So miffed was the governor that she publicly tweeted, "It's a sad day when a respected pro-life advocate uses this sacred issue to bludgeon supporters of life-SAVING legislation.'' Brewer said Thursday she was "a little offended.''

"That is a very emotional issue,'' the governor said. "And to use it to bludgeon pro-life supporters because of something else that they want, I think is unfair.''

Herrod refused to discuss the whole issue.

Brewer's next hurdle could be the referendum. But the governor said she is unconcerned.

"I don't think it'll go to the ballot,'' Brewer said. And the governor said even if foes get the necessary signatures to force a vote, she believes the public would uphold it.

Brewer acknowledged, though, a successful petition drive also means that Medicaid expansion could not take place until after the November 2014 election, 11 months after its anticipated start date. "And that would be a shame.''

But gubernatorial press aide Matthew Benson said it won't get that far, contending voters have no right to second-guess this measure.

The Arizona Constitution says that voters, unhappy with something the Legislature has done, may put measures on "hold'' until they get a chance to ratify or reject them at the next general election.

One exception, though, bars referral of measures necessary "for the support and maintenance of the departments of state government and state institutions.'' Benson contends the Medicaid expansion, part of the budget package, fits within that exemption.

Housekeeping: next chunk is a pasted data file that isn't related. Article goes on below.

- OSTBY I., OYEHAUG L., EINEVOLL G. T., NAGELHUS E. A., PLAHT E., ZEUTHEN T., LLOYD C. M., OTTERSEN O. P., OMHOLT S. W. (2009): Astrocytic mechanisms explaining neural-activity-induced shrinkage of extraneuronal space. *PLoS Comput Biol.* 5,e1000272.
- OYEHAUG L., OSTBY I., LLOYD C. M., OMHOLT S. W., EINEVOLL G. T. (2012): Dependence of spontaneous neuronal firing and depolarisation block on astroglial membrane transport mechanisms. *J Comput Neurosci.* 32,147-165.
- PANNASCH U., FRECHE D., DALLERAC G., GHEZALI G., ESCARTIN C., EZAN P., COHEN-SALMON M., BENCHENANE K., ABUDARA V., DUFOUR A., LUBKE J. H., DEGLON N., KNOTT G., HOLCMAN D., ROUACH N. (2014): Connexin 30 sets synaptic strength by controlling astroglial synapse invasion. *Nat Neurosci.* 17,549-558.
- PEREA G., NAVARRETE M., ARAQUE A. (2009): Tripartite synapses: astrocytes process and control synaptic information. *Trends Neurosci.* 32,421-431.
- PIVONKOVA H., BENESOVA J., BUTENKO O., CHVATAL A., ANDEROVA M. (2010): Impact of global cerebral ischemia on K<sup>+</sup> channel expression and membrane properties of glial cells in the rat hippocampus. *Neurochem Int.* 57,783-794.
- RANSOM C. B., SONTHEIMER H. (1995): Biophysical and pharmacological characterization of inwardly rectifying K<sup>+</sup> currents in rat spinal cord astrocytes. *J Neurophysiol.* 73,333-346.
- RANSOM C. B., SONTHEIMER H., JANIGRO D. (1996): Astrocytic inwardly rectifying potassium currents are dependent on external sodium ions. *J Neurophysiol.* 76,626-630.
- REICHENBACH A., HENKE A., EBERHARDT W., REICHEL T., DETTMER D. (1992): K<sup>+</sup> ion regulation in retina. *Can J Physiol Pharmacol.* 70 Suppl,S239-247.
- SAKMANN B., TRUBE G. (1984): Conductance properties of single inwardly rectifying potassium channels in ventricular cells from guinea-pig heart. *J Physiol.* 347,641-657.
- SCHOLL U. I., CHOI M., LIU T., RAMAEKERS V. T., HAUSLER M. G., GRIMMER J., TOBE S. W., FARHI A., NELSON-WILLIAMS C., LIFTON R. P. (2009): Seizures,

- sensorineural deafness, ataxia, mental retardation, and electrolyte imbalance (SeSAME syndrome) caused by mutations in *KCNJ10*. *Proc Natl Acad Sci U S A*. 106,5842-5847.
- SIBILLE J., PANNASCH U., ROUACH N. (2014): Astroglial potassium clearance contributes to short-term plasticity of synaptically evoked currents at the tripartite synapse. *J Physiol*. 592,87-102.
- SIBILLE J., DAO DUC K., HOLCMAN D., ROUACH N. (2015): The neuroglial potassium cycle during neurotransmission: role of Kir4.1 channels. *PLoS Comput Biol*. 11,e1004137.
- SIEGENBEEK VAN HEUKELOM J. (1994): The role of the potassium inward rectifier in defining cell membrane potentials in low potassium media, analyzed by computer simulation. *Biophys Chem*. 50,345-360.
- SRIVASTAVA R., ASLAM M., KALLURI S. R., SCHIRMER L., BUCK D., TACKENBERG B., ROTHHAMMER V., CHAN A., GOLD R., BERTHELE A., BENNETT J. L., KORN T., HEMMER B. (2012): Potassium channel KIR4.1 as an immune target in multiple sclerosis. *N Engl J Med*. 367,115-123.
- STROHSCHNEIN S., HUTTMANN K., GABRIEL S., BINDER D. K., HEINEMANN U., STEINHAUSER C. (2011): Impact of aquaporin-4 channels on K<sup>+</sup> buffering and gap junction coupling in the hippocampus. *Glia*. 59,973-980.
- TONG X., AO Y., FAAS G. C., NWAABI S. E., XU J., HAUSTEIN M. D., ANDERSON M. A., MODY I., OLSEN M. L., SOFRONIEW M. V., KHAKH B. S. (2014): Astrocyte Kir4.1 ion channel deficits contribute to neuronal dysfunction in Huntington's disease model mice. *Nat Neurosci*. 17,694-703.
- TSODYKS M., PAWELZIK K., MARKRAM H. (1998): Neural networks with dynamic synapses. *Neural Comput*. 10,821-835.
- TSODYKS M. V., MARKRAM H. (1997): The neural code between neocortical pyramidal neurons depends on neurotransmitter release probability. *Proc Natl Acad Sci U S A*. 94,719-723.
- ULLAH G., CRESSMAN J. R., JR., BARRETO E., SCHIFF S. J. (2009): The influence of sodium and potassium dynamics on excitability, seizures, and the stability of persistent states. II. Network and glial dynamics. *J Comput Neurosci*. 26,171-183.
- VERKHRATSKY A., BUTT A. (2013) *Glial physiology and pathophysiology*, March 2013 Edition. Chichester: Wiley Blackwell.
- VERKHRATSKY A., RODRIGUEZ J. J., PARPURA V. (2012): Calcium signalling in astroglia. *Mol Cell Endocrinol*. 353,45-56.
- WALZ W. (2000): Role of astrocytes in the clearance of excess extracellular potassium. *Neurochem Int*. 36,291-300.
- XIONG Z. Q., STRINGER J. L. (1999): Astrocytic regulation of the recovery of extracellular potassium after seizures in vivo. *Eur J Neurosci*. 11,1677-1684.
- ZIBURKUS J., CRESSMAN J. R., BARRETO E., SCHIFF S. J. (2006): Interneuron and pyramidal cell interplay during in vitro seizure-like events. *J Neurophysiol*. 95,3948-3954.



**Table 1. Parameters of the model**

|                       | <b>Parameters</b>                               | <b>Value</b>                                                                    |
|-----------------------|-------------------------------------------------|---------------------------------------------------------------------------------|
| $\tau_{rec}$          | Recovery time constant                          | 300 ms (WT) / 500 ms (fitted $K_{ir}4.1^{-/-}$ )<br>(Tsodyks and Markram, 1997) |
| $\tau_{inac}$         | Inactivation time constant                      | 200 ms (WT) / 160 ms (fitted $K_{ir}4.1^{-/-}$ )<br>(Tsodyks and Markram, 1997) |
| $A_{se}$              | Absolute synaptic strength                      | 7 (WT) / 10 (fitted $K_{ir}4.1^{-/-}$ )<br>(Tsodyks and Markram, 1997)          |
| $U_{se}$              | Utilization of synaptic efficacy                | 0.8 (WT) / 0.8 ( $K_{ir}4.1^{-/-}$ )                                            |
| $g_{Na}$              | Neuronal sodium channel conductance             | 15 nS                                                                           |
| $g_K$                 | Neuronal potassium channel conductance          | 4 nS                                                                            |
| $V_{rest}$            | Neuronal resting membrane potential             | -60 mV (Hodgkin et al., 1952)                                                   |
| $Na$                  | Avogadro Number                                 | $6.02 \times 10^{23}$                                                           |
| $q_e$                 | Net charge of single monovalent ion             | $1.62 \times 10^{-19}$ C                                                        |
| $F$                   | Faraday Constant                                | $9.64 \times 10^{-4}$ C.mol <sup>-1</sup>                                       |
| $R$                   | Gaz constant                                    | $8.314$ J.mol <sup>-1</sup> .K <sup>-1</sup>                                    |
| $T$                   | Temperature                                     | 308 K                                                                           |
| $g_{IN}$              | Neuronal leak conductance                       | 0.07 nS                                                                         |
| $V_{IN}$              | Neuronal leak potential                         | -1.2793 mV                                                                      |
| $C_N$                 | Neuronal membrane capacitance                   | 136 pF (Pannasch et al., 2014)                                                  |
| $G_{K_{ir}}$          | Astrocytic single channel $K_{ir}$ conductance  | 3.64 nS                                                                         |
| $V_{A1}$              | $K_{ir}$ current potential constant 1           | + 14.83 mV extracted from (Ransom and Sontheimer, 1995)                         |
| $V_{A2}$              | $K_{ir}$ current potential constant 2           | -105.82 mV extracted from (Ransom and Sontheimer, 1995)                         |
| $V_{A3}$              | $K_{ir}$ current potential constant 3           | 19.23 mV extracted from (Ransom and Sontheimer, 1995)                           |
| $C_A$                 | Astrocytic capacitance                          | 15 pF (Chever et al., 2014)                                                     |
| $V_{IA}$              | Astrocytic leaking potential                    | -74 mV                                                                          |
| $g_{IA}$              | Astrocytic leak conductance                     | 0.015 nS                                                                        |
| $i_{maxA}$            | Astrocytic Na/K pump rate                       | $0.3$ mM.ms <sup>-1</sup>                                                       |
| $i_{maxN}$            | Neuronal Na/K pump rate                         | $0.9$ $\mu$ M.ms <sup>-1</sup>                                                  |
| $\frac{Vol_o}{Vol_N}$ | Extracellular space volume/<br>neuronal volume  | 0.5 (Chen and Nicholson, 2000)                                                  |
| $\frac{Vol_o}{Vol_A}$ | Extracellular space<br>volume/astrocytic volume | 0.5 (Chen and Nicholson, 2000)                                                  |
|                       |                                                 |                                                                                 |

But Paul Bender, former dean of the Arizona State University College of Law, said the referendum does not seek to block funding for the ongoing operation of the Arizona Health Care Cost Containment System, the state's Medicaid program.

Instead it would prevent the state from expanding the program. And Bender said voters have an inherent right to review both new and expanded programs.

It's a separate question of whether the "assessment'' on hospitals is a "tax.''

A voter-approved provision of the Arizona Constitution specifically requires a two-thirds vote of both the House and Senate for any tax hike.

There is, however, an exception for "fees and assessments that are authorized by statute, but are not prescribed by formula, amount or limit, and are set by a state officer or agency.'' And Brewer crafted the Medicaid expansion to give the AHCCCS director discretion on how much to assess each hospital to raise the money needed.

But foes of expansion note this is not a fee being levied by an agency to regulate the entity to be taxed but instead a levy on all hospitals, whether they accept Medicaid patients or not, to pay for the program. And Bender said that may make what Brewer is doing more of a tax than an assessment or fee.

Still, he said, it's far from clear.

"It's never been challenged in court,'' Bender said of the constitutional provision.